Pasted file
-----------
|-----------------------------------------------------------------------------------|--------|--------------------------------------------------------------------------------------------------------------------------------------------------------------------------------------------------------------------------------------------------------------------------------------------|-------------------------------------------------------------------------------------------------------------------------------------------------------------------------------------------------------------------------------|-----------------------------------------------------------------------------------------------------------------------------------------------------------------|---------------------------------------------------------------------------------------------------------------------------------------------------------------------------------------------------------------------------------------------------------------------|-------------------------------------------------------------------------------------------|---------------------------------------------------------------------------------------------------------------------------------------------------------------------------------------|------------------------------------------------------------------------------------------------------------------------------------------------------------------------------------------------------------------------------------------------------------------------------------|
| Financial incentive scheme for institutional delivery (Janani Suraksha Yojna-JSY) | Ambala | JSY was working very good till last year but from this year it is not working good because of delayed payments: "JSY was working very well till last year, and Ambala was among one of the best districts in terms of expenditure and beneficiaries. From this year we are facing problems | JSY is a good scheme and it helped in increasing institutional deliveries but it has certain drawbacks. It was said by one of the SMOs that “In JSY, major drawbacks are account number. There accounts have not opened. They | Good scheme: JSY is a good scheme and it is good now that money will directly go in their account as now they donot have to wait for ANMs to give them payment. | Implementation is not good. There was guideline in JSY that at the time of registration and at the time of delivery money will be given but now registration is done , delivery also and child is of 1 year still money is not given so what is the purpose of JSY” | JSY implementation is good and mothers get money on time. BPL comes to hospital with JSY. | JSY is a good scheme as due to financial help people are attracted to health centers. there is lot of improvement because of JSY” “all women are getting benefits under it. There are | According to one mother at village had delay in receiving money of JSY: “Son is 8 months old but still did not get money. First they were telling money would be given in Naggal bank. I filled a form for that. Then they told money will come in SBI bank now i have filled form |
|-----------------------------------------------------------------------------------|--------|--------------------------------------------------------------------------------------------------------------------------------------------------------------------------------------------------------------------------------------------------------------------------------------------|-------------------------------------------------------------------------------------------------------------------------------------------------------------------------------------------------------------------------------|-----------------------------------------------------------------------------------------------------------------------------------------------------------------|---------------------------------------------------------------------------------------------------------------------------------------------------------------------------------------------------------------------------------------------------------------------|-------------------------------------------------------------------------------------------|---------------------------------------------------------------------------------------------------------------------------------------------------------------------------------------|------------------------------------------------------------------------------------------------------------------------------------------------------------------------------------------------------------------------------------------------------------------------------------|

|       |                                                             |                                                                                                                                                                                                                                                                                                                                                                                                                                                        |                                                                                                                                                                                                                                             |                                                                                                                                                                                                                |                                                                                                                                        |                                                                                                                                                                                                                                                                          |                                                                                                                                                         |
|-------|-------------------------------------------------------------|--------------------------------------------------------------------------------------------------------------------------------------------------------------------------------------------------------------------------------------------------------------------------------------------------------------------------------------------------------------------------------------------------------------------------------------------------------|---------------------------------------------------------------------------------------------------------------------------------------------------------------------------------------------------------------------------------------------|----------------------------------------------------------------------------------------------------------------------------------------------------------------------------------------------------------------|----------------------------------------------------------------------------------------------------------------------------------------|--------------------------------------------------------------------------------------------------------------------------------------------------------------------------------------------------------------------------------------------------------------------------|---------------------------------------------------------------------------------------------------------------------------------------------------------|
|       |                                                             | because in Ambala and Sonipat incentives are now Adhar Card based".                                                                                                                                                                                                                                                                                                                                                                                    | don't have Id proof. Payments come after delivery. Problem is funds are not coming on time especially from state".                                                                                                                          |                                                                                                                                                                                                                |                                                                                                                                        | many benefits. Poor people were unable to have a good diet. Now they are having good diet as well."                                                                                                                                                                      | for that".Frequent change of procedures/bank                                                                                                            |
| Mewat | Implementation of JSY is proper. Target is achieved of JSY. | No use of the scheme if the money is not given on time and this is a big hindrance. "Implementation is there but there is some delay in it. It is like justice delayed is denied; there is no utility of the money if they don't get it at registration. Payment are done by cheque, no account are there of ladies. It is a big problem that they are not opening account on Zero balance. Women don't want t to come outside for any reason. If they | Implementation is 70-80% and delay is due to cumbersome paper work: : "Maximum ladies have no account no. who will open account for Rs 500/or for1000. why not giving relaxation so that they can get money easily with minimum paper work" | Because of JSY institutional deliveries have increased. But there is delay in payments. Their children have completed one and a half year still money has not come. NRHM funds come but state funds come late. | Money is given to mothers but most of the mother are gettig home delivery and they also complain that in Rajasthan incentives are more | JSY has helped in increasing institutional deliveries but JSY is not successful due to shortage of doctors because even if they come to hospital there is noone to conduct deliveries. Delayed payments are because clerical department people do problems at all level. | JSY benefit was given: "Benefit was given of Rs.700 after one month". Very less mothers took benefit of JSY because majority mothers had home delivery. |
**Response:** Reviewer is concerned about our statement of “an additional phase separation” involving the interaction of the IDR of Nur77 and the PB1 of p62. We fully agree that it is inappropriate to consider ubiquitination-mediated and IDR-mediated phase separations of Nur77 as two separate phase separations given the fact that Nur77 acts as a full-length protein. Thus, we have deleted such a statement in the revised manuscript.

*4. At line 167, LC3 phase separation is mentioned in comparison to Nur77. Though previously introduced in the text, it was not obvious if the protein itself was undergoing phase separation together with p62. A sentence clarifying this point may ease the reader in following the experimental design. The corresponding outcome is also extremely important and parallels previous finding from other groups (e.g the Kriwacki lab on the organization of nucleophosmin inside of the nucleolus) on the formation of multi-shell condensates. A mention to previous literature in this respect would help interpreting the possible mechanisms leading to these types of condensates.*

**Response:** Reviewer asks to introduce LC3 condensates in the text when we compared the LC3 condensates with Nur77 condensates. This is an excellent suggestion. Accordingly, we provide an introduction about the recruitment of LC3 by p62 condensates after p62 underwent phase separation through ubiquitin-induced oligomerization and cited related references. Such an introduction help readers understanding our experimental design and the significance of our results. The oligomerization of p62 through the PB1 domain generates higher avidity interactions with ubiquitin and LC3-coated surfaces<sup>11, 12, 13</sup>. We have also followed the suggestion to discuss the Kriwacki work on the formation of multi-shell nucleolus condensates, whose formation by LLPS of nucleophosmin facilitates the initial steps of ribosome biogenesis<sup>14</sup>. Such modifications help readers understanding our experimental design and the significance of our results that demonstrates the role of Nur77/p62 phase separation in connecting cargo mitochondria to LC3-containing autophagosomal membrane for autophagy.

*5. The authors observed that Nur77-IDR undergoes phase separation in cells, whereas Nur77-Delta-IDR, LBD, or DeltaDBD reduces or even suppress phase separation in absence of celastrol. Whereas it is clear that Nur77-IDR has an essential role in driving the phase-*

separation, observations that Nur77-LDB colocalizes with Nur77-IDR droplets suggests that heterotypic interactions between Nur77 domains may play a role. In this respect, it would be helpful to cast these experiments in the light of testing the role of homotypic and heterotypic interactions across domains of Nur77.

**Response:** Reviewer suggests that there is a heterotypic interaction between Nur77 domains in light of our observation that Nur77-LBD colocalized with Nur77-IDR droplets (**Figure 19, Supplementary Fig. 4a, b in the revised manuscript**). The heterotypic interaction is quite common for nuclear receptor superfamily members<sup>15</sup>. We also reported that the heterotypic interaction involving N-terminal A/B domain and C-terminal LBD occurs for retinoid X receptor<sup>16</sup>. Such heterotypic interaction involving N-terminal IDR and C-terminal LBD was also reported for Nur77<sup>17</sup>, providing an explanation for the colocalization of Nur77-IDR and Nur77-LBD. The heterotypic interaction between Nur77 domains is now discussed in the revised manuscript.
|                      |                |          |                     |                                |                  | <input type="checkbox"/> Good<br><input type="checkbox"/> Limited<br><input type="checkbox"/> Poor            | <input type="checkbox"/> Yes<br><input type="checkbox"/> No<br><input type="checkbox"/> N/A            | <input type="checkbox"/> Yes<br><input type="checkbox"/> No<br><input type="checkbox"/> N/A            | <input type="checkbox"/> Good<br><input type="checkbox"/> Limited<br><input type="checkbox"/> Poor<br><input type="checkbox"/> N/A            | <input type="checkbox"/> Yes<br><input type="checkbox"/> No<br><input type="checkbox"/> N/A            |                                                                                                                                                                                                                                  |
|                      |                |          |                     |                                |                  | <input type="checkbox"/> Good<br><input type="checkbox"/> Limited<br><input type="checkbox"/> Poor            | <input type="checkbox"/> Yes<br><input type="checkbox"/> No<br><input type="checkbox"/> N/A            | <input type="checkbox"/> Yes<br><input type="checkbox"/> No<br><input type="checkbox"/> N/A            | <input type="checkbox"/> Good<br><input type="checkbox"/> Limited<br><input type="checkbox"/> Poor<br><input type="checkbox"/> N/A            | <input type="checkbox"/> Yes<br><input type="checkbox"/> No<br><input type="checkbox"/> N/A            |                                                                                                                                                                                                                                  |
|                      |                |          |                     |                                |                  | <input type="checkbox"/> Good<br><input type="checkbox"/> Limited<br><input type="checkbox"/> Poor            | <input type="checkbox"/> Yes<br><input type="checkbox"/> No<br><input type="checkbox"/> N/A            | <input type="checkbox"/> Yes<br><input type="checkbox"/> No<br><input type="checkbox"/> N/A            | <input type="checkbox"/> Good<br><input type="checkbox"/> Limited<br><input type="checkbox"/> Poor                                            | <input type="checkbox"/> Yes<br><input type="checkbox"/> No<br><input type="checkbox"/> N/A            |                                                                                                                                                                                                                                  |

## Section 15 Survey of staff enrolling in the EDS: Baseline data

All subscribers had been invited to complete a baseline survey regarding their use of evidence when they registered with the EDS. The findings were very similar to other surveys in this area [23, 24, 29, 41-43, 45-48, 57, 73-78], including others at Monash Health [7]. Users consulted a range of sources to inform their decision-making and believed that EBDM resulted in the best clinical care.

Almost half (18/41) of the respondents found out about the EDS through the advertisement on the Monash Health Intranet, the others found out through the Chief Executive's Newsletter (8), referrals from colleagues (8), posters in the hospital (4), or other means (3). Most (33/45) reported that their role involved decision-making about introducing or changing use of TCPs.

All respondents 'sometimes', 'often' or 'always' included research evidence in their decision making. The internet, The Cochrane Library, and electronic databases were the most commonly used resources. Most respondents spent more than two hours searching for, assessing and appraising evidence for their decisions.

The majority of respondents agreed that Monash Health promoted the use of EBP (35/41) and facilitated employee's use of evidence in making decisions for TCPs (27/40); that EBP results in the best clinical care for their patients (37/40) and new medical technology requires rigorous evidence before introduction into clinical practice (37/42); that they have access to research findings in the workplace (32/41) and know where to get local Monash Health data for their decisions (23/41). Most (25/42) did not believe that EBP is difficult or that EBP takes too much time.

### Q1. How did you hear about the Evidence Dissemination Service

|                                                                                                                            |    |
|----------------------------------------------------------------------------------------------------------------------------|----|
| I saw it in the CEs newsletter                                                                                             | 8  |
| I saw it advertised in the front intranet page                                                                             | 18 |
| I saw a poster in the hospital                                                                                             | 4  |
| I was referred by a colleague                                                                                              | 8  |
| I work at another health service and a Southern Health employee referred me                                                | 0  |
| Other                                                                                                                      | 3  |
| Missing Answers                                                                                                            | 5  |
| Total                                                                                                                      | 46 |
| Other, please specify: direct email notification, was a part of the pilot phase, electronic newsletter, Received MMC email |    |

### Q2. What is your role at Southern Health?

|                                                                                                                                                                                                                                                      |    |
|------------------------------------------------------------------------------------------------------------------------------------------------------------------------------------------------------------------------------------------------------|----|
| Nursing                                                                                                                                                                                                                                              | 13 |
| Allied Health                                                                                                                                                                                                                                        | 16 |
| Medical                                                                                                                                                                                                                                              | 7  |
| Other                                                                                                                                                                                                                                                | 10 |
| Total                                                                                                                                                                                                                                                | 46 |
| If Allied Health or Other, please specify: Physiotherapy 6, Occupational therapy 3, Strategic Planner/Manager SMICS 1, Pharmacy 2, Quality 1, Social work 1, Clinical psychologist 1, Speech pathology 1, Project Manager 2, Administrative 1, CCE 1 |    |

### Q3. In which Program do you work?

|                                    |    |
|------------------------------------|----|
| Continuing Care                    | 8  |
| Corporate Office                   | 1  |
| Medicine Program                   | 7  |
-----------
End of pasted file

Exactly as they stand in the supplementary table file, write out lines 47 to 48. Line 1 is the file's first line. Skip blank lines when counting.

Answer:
| Corporate Office                   | 1  |
| Medicine Program                   | 7  |